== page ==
During the last days of August 1864, leading Republican Party figures in New York City attended a meeting where they discussed whether they might encourage Abraham Lincoln to resign as their party's presidential candidate in the approaching election. Most of them had supported the Republican in 1860, and some, such as David Dudley Field, had promoted his nomination at the tumultuous Chicago convention of that year.
Several days earlier many of these men, as members of the national committee of the Republican Party, had visited the president in Washington. Their “darkness doubt and discouragement” produced John George Nicolay's complaint that “they have got a stampede on that is about to swamp everything.” Writing to his fiancée, he described their retreat. Referring to the rout of Union troops in the first major battle of the war, he saw his party experiencing “almost the condition of a disastrous panic– a sort of political Bull Run.” Military and political events from March through July 1864 had squashed the party leaders’ faith. They now doubted that the president and his generals had the ability to lead the country in wartime and to end slavery throughout the United States.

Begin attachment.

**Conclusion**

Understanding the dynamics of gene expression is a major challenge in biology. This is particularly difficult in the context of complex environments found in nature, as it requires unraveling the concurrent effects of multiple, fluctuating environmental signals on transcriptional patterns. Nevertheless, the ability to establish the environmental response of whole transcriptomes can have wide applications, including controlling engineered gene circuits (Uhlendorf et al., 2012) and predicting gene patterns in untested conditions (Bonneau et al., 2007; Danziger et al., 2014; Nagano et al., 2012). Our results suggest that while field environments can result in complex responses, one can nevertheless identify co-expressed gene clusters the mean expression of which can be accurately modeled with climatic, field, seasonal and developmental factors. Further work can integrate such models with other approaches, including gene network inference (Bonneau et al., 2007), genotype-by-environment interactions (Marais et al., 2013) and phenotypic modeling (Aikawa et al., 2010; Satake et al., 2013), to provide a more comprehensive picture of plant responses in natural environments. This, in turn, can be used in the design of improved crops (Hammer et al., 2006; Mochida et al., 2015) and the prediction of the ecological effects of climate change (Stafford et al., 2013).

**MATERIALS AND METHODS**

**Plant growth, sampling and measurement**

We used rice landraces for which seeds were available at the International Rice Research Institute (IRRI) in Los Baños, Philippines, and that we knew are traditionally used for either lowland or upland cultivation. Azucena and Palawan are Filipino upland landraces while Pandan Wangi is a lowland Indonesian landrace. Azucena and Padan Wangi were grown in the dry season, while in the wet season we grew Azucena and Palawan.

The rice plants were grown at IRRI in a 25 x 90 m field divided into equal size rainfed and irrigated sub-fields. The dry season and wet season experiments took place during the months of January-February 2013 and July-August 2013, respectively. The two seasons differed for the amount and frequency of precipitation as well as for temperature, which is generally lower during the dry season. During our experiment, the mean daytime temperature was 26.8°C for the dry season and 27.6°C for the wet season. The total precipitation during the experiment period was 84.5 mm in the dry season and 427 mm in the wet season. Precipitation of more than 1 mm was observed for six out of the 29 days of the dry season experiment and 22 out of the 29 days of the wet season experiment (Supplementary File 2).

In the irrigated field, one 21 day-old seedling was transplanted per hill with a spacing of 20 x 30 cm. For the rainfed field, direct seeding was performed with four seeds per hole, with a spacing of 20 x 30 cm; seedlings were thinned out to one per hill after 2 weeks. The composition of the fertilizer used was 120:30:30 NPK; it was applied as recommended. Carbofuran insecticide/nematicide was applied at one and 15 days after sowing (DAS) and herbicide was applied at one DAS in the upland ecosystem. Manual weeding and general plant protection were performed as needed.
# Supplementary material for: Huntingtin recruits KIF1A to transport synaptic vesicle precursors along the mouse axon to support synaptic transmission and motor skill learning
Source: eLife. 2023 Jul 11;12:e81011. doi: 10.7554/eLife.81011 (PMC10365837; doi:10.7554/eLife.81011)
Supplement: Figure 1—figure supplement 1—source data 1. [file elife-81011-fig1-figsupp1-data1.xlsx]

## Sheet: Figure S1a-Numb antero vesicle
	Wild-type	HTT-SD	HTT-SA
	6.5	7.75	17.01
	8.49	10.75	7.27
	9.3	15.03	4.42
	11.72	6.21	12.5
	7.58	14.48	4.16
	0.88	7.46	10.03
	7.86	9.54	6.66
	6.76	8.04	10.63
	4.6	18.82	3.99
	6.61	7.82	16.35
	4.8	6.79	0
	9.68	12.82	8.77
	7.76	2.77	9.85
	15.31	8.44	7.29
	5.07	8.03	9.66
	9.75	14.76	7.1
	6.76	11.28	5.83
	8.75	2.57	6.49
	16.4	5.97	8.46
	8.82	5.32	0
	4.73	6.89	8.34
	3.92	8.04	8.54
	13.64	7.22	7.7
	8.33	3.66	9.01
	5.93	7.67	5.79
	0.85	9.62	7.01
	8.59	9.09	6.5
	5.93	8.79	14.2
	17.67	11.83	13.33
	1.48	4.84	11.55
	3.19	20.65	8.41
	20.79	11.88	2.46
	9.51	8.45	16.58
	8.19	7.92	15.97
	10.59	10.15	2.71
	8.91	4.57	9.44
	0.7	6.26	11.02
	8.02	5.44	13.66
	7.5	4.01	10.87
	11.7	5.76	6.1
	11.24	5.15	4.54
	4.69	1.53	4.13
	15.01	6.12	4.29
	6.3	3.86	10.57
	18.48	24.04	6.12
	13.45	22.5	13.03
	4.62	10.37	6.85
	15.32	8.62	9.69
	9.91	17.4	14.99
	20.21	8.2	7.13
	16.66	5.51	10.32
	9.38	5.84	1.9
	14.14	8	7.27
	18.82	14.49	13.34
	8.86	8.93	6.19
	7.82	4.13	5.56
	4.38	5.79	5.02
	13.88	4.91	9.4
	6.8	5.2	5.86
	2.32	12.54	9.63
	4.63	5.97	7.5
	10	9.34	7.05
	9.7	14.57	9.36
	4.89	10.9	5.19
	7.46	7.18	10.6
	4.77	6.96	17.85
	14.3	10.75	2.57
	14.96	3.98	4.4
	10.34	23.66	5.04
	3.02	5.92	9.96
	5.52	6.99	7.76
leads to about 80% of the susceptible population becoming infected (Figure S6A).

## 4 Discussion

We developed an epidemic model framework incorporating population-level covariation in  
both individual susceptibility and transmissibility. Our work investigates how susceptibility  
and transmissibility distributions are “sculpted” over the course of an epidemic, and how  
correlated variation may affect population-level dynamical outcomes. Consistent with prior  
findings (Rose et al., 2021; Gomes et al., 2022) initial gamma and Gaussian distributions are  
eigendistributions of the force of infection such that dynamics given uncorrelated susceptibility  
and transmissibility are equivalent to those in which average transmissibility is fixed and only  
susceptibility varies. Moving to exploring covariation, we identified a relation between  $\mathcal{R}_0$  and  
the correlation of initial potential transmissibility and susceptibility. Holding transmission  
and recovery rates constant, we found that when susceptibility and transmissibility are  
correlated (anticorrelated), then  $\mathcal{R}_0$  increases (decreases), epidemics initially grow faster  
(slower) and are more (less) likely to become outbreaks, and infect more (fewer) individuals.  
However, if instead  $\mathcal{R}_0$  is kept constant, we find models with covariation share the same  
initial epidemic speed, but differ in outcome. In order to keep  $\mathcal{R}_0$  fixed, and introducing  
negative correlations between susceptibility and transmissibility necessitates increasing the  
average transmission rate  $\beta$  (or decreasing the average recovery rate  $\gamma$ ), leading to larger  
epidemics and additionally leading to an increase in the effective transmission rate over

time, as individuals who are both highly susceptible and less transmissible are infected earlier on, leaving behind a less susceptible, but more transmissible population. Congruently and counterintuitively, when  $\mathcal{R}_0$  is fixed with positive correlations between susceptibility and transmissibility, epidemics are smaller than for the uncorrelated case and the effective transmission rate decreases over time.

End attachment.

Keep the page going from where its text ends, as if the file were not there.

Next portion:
Costly military advances had helped bring on the Republicans’ despair. During the spring and summer, Lieutenant General Grant had sent the Union armies into a series of battles that had ended in stalemate near Petersburg, Virginia, where the Confederate Army had entrenched itself. Prior to that siege, the ocean of blood spilled during the Battle of the Wilderness in May, that of Spotsylvania Court House, and finally in June during the slaughter at Cold Harbor spread dismay among residents of the White House. The distressing outcomes of these engagements so afflicted Mary Lincoln, the president's staunchest supporter, that she adopted the disparaging term with which Confederate newspapers had labeled General Grant during the Virginia battles of earlier that spring. She complained that the Union commander was causing his soldiers to be butchered.
In July, the Union army experienced another military embarrassment. To draw soldiers from Grant's siege of Petersburg, General Lee had ordered Lieutenant General Jubal Early to march his troops northward through the Shenandoah Valley into Maryland.